In Metro Manila, the daily cost of living per family is pegged at P806 ($16.516).
Cely Marasigan also owns a tricycle and a store selling spare parts and diesel for tricycles.
She said they borrowed P20,000 ($409.836) from Pag-Ibig for their capital.
Marasigan said she earns P200 ($4.09) a day from selling diesel. If she is able to sell a tire, which happens usually once every quarter, she earns P3,000 ($61.47). For spare parts, she earns P20 to P30 ($0.409 to $0.61) for every P200 ($4.09) purchase.
In 2005, Marasigan bought a motorcycle for P61,200 ($1,111 at the 2005 average exchange rate of $1=P55.085) and a sidecar for P4,500 ($81). Again, they borrowed money to purchase the tricycle and have been paying P1,700 ($34.836 at current exchange rates) per month for the loan.
Marasigan said she earns only P120 ($2.459) per day from the tricycle.
Marasigan’s husband works as an engineer in Vietnam. If not for her husband’s income, Marasigan does not know how she would be able to feed and send her three children to school, because her income from her small businesses is inadequate.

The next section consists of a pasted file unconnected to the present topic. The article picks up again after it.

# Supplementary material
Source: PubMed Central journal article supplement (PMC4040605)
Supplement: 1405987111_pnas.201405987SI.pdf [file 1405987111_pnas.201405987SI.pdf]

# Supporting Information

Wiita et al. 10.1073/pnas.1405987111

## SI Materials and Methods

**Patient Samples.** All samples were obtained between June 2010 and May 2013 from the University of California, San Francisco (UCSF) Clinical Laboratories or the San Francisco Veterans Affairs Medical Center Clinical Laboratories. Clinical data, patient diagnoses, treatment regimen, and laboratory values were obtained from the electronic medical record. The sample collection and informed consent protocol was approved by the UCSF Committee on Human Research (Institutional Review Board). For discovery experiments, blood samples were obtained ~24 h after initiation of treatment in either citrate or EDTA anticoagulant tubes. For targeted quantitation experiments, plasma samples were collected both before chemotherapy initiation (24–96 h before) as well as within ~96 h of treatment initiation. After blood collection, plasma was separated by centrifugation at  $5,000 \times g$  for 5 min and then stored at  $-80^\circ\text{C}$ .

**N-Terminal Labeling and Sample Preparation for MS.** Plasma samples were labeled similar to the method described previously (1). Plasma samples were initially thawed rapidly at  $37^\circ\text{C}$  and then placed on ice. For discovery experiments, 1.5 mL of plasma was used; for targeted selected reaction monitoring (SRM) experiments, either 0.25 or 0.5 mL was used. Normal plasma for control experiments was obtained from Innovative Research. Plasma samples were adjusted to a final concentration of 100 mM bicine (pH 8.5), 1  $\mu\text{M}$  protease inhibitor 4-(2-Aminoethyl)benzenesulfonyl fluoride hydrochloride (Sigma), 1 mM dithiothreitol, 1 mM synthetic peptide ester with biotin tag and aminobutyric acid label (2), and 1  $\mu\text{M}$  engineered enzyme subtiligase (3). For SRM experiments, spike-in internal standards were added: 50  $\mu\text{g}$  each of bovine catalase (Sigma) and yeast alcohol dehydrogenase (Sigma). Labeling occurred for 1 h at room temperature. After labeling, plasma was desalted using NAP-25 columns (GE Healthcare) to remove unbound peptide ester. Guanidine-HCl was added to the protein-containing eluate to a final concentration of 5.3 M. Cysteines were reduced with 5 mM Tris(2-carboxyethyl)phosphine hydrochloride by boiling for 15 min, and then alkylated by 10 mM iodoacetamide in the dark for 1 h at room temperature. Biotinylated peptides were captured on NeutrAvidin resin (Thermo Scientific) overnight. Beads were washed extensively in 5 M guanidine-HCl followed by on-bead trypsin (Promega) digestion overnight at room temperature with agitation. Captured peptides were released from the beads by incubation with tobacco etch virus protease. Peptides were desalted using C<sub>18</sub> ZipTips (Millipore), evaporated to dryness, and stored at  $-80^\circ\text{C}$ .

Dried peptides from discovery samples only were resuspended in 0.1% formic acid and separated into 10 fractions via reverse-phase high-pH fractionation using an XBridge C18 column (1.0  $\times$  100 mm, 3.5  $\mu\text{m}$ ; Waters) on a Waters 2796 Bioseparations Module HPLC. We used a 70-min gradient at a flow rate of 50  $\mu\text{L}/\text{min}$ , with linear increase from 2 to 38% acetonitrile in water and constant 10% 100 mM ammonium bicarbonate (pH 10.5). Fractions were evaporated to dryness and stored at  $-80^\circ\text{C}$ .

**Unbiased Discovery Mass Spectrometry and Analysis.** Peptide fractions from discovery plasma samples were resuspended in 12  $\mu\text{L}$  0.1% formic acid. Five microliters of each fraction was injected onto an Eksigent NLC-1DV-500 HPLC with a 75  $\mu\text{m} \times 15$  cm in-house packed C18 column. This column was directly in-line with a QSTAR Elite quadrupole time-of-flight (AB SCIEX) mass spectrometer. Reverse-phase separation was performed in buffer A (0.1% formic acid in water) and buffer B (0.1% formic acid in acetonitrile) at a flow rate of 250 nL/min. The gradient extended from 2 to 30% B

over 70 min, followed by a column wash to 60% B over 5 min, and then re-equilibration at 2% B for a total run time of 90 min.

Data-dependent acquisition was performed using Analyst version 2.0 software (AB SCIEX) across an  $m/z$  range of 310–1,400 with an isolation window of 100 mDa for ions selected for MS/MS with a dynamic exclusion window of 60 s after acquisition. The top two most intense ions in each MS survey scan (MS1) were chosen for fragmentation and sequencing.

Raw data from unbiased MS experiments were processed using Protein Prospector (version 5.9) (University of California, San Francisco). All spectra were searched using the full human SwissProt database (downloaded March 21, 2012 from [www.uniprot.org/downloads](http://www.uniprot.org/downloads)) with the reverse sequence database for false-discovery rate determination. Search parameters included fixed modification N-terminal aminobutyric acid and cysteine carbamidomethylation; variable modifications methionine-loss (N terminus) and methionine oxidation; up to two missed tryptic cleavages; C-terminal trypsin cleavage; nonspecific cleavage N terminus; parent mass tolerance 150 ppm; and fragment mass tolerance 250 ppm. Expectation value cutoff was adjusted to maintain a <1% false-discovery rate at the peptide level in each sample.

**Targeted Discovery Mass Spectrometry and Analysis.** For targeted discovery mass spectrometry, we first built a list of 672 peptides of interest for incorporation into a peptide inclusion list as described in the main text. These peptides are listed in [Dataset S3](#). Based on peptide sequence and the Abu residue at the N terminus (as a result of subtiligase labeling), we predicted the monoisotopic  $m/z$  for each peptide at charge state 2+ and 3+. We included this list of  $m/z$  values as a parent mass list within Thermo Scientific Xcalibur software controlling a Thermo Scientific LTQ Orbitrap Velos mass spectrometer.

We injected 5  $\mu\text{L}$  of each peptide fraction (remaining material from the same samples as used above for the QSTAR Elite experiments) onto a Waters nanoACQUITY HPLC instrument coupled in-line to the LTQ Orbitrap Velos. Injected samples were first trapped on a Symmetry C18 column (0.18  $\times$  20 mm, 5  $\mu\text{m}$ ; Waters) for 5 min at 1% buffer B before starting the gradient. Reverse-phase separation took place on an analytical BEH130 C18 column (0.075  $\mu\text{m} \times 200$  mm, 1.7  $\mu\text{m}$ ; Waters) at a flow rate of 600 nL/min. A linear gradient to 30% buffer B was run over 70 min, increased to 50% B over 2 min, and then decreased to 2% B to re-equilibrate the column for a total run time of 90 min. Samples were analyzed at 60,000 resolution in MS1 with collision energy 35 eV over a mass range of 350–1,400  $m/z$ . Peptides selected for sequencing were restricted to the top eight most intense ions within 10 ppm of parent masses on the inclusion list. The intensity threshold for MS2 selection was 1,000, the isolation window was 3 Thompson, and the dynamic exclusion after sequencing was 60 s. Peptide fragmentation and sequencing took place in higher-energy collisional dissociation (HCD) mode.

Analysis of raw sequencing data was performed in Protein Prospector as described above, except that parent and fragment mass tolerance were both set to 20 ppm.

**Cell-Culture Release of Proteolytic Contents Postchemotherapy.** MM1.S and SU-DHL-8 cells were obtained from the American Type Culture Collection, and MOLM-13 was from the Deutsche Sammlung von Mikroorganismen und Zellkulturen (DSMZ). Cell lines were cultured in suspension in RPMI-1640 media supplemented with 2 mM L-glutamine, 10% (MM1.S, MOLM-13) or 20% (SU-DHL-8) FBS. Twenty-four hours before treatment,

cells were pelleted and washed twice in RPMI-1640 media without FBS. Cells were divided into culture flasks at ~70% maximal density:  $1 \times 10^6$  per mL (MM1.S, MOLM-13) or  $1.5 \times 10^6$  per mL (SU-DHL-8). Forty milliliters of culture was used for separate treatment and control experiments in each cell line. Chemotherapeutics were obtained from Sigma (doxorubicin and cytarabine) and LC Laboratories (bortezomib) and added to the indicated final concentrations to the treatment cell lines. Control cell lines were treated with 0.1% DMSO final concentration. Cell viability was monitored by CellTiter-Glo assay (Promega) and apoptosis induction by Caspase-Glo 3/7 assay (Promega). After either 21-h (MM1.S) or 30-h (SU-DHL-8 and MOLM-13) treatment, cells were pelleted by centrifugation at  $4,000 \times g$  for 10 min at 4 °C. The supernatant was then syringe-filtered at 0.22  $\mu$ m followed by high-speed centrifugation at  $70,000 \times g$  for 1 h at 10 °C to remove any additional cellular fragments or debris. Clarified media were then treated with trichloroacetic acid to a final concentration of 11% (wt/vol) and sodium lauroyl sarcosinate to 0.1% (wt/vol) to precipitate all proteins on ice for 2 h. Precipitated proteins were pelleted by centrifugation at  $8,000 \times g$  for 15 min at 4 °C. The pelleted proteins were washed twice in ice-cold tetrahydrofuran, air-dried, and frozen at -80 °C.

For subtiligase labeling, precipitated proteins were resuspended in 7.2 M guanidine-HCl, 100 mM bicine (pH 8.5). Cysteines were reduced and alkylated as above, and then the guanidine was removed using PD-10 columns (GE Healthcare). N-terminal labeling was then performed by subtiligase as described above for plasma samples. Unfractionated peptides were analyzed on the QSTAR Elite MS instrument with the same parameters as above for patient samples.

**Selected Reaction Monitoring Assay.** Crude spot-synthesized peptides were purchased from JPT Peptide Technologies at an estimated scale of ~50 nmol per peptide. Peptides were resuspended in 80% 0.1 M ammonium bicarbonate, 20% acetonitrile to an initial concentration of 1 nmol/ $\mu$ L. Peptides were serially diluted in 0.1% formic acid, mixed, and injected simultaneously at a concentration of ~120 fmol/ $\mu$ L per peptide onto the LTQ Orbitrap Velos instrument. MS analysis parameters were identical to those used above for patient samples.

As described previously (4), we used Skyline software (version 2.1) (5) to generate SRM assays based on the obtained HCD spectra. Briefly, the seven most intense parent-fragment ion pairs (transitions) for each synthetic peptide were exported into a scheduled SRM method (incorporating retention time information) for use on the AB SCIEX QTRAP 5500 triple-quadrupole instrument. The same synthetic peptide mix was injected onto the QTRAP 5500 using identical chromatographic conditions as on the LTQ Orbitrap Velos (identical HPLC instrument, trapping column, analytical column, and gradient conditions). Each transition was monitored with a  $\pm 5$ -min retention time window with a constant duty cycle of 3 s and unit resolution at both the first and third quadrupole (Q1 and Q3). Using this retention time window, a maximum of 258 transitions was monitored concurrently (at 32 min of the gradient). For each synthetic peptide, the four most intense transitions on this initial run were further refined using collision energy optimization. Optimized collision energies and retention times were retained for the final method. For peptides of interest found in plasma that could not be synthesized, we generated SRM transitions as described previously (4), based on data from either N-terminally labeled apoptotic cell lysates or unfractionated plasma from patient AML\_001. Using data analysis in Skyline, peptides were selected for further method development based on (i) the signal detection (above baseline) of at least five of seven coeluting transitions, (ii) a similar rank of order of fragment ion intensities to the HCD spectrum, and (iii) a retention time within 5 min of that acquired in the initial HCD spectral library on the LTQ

Variety store and small eatery
The omnipresent variety store could be found in almost every street corner. Although selling at prices higher than supermarkets and grocery stores, customers go to variety stores for their emergency needs. Variety stores also sell products at smaller packs than supermarkets, thus making it more affordable.
Small eateries, on the other hand, can be seen in crowded places: near schools, terminals of public utility vehicles, bus stops, public markets, and the like. Food can be had in these eateries at prices lower than fast food chains, food courts in malls, and restaurants.
Because of their affordability and location, variety stores and small eateries never lack in customers. Convenience is its edge. Convenience is also the reason why many families who are able to generate some savings decide to set up a variety store or a small eatery. All they have to do is buy in bulk and sell in small quantities. The cooking for eateries does not even have to be much of a chore as families cook every day for their daily meals.
How do they fare in terms of income?
Vivian Ariño, owner of a variety store and small eatery in Barangay (village) Central, Quezon City, said that in 2002, she invested P50,000 ($968.99 at the 2002 exchange rate of $1=P51.60) for her small business.
If that money they divide it to the whole population in this country it would be more useful than just making programs which cannot really help because its just a front for corruption.